What Is Your Diagnosis?

Jennifer L. Johnson-Neitman Animal Specialty Group Inc, 4641 Colorado Blvd, Los Angeles, CA 90039.

Search for other papers by Jennifer L. Johnson-Neitman in
Current site
Google Scholar
PubMed
Close
 DVM
,
Michael L. Huber Animal Specialty Group Inc, 4641 Colorado Blvd, Los Angeles, CA 90039.

Search for other papers by Michael L. Huber in
Current site
Google Scholar
PubMed
Close
 DVM, MS, DACVS
, and
John F. Amann Animal Specialty Group Inc, 4641 Colorado Blvd, Los Angeles, CA 90039.

Search for other papers by John F. Amann in
Current site
Google Scholar
PubMed
Close
 DVM, PhD, DAVCR

Click on author name to view affiliation information

History

An 11-year-old castrated male domestic longhair cat was evaluated for metastatic disease. The cat was being treated for osteomyelitis of the left side of the mandible, and a proliferative sublingual mass had been detected during physical examination. The cat had been anorectic for 3 to 4 days. No abnormalities were detected during auscultation of the thorax. Radiographs of the thorax were obtained during general anesthesia (Figure 1).

Figure 1—
Figure 1—

Lateral (A) and ventrodorsal (B) radiographic views of the thorax of an 11-year-old cat with a history of a proliferative sublingual mass and osteomyelitis of the left side of the mandible.

Citation: Journal of the American Veterinary Medical Association 229, 3; 10.2460/javma.229.3.359

Radiographic Findings and Interpretation

Pneumomediastinum and pneumopericardium are apparent. The cardiac silhouette is small and appears elevated from the sternum, compatible with microcardia (Figure 2). Hypovolemia or shock should be considered as differential diagnoses for microcardia.

Figure 2—
Figure 2—

Same radiographic views as in Figure 1; the ventrodorsal radiographic view is enlarged. Notice air within the pericardial sac elevating the pericardium from the heart (arrows).

Citation: Journal of the American Veterinary Medical Association 229, 3; 10.2460/javma.229.3.359

Comments

Pneumomediastinum is defined as free gas within the mediastinum. Causes of pneumomediastinum include tracheal tear or rupture; alveolar rupture; esophageal perforation; caudal extension of gas within fascial planes of the neck; or less likely, gas-producing organisms within the mediastinum. Gas within the retroperitoneal space can also travel cranially through the aortic hiatus into the mediastinum.1

Pneumopericardium is inflation of the pericardial sac with gas. Radiographically, the pericardium is seen as a thin, opaque, soft tissue structure separated from the heart by gas. Few cases of pneumopericardium have been published in the veterinary literature. Causes of pneumopericardium include traumatic injury to the thorax,2 positive-pressure ventilation,3 pulmonary-pericardial communication,4 and tracheal ruptures associated with intubation.5

In the cat reported here, pulmonary macrometastases were not detected radiographically, ruling out metastatic disease as a cause of the radiographic findings. Radiography was performed during general anesthesia with a Bain nonrebreathing system. During anesthetic monitoring, the pop-off valve on the reservoir bag was discovered to have been closed, permitting maximal inflation of the bag. Alveolar rupture as a result of increased positive pressure within the anesthetic circuit likely caused the changes seen radiographically. Air from ruptured alveoli can dissect along the interstitium and around blood vessels to the mediastinum and into the pericardial sac. It is difficult to determine whether the microcardia was associated with the pneumopericardium; relative microcardia from thoracic overinflation is a more likely possibility.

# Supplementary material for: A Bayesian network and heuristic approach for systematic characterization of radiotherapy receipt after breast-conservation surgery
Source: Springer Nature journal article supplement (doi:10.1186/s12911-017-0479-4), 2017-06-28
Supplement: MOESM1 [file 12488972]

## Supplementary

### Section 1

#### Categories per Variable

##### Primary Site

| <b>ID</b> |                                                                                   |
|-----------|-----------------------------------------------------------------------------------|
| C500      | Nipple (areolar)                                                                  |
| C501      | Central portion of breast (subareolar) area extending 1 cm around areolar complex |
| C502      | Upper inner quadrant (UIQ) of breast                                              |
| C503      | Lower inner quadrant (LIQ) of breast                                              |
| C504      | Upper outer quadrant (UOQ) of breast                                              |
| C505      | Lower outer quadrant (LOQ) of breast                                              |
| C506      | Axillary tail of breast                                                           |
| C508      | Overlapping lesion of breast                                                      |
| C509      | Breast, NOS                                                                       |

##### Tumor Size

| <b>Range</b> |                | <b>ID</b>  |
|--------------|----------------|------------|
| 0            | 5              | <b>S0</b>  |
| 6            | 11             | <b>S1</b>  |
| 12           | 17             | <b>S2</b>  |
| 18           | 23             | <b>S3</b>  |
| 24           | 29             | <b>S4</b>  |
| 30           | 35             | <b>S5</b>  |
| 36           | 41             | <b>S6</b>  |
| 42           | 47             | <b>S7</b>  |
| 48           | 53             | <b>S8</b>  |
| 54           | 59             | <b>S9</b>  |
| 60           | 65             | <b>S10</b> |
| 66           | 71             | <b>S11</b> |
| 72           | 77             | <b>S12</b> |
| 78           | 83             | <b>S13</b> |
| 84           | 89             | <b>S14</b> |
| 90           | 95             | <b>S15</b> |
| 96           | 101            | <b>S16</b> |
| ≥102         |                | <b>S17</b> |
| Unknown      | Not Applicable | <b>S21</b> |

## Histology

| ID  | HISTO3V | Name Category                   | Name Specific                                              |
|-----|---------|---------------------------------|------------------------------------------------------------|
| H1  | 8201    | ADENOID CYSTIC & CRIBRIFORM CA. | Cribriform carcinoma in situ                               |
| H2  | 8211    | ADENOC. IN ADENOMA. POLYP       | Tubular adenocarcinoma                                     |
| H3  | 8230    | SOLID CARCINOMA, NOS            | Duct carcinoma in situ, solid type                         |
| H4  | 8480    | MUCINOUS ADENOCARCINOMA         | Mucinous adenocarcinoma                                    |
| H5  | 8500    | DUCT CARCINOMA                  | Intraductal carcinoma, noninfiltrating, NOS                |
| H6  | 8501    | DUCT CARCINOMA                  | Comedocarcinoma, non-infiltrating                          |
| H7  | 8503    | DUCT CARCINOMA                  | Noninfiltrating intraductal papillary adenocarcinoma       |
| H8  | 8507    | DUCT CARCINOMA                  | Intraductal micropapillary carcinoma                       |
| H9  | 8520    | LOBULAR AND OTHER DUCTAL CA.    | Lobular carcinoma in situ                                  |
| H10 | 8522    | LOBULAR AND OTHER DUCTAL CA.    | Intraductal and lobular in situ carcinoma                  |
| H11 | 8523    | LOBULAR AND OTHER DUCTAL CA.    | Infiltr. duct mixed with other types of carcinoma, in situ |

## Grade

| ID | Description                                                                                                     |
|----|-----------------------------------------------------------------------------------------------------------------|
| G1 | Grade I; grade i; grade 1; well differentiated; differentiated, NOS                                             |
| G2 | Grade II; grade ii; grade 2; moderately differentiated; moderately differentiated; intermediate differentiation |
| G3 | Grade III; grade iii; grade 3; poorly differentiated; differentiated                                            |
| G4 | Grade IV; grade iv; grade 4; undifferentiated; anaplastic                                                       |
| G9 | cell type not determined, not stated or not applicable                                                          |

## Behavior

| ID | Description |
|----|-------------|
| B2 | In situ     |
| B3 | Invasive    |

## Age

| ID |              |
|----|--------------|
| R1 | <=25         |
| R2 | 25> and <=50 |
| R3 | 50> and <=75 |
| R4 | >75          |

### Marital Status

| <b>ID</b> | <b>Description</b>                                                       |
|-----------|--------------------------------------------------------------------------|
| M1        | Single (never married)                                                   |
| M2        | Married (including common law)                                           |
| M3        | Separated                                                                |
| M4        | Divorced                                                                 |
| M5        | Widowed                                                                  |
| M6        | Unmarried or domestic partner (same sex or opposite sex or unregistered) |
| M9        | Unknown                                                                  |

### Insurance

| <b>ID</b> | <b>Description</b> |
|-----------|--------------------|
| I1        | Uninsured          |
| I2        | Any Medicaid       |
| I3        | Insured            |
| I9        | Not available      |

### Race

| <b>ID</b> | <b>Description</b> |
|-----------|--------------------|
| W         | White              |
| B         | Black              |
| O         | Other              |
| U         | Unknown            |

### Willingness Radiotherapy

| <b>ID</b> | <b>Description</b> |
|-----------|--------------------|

Tracheal rupture or tear caused by traumatic intubation, overinflation of the endotracheal tube cuff, and movement of the endotracheal tube while positioning cats for radiography have been reported5,6 to cause pneumopericardium and pneumomediastinum and could not have been ruled out as the cause of the findings in the cat reported here even though overinflation of the endotracheal tube cuff was not evident on radiographs. Pneumopericardium resulting from traumatic intubation with a stylet has been reported in cats.5 A stylet was not used during intubation of the cat of this report. The cat recovered from anesthesia without complications, and no abnormalities were detected during auscultation of the thorax. Radiography performed the following day revealed that the pneumopericardium had resolved and the pneumomediastinum had improved.

References

  • 1

    Thrall DE. The mediastinum. In: Thrall DE, ed. Textbook of veterinary diagnostic radiology. 4th ed. Philadelphia: WB Saunders Co, 2002;376389.

    • Search Google Scholar
    • Export Citation
  • 2

    Parent C, Rozanski E. What is your diagnosis? J Am Vet Med Assoc 1998;212:13771378.

  • 3

    Brown DC, Holt D. Subcutaneous emphysema, pneumothorax, pneumomediastinum, and pneumopericardium associated with positive-pressure ventilation in a cat. J Am Vet Med Assoc 1995;206:997999.

    • Search Google Scholar
    • Export Citation
  • 4

    Leclerc A, Brisson BA, Dobson H. Pneumopericardium associated with a pulmonary-pericardial communication in a dog. J Am Vet Med Assoc 2004;224:710712.

    • Search Google Scholar
    • Export Citation
  • 5

    Mitchell SL, McCarthy R, Rudloff E, et al. Tracheal rupture associated with intubation in cats: 20 cases (1996–1998). J Am Vet Med Assoc 2000;216:15921595.

    • Search Google Scholar
    • Export Citation
  • 6

    Hardie EM, Spodnick GJ, Gilson SD, et al. Tracheal rupture in cats: 16 cases (1983–1998). J Am Vet Med Assoc 1999;214:508512.

All Time Past Year Past 30 Days
Abstract Views 98 0 0
Full Text Views 453 419 185
PDF Downloads 357 282 14
Advertisement